Being unable to fit a reasonable phase-space model to the endpoint spectrum, CDF interpreted it as the signal of a new particle sitting near threshold, and called it Y(4140). The signal was allegedly evaluated as a 5-standard-deviation thing after more data was added to a previous analysis which had found a first 4-sigmaish evidence. I wrote about the matter in some detail here, keeping a rather sceptical attitude; however, since my opinion at the time could offend some of my collaborators, I wrote it in Greek in my greek blog... I think you can still make sense of my deep scepticism on the Y in the post if you dump it into translate.google.com. Here is the relevant part:

    Δεδομένου ότι τα αποτελέσματα και των δύο αναλύσεων έχουν δημοσιευτεί, οποιοσδήποτε μπορεί να αφαιρέσει τα παλιά δεδομένα (αυτά που φαίνονται στο πλάι) από τα νέα, βρίσκοντας έτσι προς έκπληξή του ένα ενδιαφέρον αποτέλεσμα: το σήμα δεν είναι τόσο στιβαρό στα νέα δεδομένα.

    Όπως πάντα, οι πιο ανήσυχοι ανάμεσά μας θα πρέπει να περιμένουμε περισσότερα δεδομένα για να πιστούμε γι’ αυτό το σήμα

    Have fun with google translate..

    Also, in another post which was more didactical in nature I touched the subject tangentially, (and this time in English), but if you are interested in the issue please visit that article as well.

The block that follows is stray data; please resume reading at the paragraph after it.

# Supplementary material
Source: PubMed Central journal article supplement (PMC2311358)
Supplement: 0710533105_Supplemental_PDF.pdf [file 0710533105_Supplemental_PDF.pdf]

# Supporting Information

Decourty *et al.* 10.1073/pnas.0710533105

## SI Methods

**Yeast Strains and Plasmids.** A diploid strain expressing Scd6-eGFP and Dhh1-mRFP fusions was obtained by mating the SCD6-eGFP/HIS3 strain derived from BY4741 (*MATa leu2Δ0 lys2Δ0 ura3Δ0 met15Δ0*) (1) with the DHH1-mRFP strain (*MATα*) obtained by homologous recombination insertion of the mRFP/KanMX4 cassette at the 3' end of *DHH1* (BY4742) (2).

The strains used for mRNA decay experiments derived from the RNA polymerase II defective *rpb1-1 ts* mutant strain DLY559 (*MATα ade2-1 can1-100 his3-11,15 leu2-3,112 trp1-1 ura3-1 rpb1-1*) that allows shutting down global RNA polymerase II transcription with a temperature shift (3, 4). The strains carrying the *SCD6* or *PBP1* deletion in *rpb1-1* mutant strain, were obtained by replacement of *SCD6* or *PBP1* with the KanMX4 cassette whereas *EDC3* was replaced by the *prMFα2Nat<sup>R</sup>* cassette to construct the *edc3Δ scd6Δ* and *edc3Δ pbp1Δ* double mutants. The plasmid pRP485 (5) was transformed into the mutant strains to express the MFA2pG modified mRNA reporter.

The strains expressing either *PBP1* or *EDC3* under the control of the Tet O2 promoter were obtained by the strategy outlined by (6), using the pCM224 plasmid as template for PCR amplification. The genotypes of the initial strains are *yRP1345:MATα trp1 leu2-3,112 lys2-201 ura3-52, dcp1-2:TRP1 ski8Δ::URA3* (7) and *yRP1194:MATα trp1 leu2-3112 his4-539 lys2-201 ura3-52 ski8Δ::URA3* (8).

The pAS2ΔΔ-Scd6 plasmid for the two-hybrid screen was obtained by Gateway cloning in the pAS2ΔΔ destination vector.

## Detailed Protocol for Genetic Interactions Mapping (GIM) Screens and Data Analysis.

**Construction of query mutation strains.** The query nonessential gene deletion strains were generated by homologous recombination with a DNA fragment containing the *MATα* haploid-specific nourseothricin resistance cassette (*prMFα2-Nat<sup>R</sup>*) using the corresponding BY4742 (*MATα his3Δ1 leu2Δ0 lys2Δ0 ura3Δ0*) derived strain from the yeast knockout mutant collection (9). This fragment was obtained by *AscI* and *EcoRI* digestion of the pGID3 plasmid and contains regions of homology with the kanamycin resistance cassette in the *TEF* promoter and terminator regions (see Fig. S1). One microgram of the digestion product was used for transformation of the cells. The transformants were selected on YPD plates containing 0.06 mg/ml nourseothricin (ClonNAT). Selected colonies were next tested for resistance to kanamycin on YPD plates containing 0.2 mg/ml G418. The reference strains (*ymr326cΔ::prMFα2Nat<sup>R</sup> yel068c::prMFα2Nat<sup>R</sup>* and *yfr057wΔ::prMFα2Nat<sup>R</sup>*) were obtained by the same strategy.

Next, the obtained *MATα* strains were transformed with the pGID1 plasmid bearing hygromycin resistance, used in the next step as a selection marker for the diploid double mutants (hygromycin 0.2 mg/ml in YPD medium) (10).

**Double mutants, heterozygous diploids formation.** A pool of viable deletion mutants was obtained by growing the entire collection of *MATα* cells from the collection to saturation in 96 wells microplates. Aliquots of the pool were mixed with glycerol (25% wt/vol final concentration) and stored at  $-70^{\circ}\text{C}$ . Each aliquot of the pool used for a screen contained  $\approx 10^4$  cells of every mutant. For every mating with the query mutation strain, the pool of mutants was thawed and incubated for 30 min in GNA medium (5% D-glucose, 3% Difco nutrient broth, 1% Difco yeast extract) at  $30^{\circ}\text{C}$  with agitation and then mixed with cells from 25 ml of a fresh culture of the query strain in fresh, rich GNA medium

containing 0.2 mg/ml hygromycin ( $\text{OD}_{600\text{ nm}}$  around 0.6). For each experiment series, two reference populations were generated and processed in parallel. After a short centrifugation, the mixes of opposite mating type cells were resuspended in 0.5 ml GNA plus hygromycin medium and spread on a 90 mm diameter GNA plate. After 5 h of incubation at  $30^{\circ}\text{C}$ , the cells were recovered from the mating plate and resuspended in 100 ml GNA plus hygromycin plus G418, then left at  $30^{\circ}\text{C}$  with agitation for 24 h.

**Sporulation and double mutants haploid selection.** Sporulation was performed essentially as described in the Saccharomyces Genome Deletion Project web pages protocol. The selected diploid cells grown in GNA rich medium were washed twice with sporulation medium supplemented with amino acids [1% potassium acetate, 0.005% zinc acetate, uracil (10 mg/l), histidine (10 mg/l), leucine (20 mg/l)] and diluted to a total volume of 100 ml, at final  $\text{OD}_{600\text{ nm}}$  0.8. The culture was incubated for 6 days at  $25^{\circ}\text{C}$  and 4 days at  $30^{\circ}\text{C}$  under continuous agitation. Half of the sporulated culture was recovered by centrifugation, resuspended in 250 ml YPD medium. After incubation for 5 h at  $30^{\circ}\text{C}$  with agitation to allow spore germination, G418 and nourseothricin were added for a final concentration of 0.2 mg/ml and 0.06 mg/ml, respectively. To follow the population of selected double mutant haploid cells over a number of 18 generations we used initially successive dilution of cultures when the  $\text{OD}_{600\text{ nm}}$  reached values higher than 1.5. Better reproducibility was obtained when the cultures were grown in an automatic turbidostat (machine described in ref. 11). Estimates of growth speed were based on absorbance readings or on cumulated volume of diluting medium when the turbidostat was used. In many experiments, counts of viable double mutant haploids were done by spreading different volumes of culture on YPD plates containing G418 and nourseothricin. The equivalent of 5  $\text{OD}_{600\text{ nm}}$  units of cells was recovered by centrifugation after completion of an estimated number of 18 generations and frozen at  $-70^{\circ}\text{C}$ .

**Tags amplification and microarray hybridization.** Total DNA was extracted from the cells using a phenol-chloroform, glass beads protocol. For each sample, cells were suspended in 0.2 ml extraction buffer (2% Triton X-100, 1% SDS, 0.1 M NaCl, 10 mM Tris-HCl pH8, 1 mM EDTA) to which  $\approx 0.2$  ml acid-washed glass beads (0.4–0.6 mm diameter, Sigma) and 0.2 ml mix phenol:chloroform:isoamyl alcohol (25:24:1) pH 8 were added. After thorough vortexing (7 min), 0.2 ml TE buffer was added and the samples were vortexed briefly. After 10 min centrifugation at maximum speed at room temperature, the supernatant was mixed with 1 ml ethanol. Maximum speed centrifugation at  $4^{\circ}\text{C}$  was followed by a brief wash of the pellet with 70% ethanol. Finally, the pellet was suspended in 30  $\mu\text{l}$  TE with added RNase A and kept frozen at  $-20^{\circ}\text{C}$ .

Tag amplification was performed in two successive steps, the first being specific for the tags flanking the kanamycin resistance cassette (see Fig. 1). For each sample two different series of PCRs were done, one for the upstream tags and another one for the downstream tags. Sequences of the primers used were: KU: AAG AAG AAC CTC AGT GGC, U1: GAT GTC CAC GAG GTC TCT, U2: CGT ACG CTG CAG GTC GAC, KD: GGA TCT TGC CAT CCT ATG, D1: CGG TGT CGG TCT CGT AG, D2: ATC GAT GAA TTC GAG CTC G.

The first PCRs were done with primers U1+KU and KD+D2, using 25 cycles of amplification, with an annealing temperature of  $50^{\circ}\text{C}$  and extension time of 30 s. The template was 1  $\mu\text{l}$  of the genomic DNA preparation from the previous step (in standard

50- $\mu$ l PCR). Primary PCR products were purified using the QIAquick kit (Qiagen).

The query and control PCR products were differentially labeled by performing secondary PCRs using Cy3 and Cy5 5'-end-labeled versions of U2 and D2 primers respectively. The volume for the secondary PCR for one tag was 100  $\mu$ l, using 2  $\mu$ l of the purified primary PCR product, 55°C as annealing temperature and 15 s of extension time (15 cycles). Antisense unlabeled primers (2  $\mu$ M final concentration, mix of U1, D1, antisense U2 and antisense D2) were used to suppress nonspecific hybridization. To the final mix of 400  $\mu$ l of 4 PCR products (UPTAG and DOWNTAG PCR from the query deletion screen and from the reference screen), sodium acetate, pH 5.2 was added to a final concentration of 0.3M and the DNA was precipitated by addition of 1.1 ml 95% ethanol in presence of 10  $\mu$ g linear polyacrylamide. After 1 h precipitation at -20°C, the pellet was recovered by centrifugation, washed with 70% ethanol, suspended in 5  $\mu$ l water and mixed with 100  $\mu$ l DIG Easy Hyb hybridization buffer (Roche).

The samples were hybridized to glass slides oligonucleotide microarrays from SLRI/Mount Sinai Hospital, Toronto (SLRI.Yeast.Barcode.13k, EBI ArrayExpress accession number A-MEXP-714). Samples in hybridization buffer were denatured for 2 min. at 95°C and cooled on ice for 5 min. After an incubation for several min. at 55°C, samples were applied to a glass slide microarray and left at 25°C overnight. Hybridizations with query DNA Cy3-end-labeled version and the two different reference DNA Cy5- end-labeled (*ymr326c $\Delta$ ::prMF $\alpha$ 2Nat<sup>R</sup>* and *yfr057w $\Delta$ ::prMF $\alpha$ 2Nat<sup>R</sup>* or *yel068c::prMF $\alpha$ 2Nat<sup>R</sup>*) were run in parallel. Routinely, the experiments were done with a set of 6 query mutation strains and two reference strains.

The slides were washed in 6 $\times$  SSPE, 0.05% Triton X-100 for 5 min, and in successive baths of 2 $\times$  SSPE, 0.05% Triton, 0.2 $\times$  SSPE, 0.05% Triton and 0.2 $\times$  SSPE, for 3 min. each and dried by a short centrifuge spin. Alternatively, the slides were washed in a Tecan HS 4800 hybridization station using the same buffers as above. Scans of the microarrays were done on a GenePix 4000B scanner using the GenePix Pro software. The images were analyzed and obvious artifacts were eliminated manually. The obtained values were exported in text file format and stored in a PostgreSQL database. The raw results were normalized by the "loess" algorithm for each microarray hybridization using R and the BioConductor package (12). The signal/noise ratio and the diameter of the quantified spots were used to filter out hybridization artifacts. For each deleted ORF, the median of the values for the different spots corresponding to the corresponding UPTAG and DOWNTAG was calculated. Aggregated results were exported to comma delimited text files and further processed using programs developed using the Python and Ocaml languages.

Now LHCb looked for the same signature in the large sample of data they collected in 2011 (376 inverse picobarns, to be precise). What they see is shown on the left. They can only fit 7+-5 signal events -a null observation- and their data shows a difference of 2.4 standard deviations with the CDF result. Note that, as reported in the figure, if the CDF signal were as estimated by CDF, LHCb would have been able to fit 39+-9+-6 events. The Y(4140) is on very shaky ground at the moment, and the new PDG will likely change its status in the particle zoo... This is punch number 1.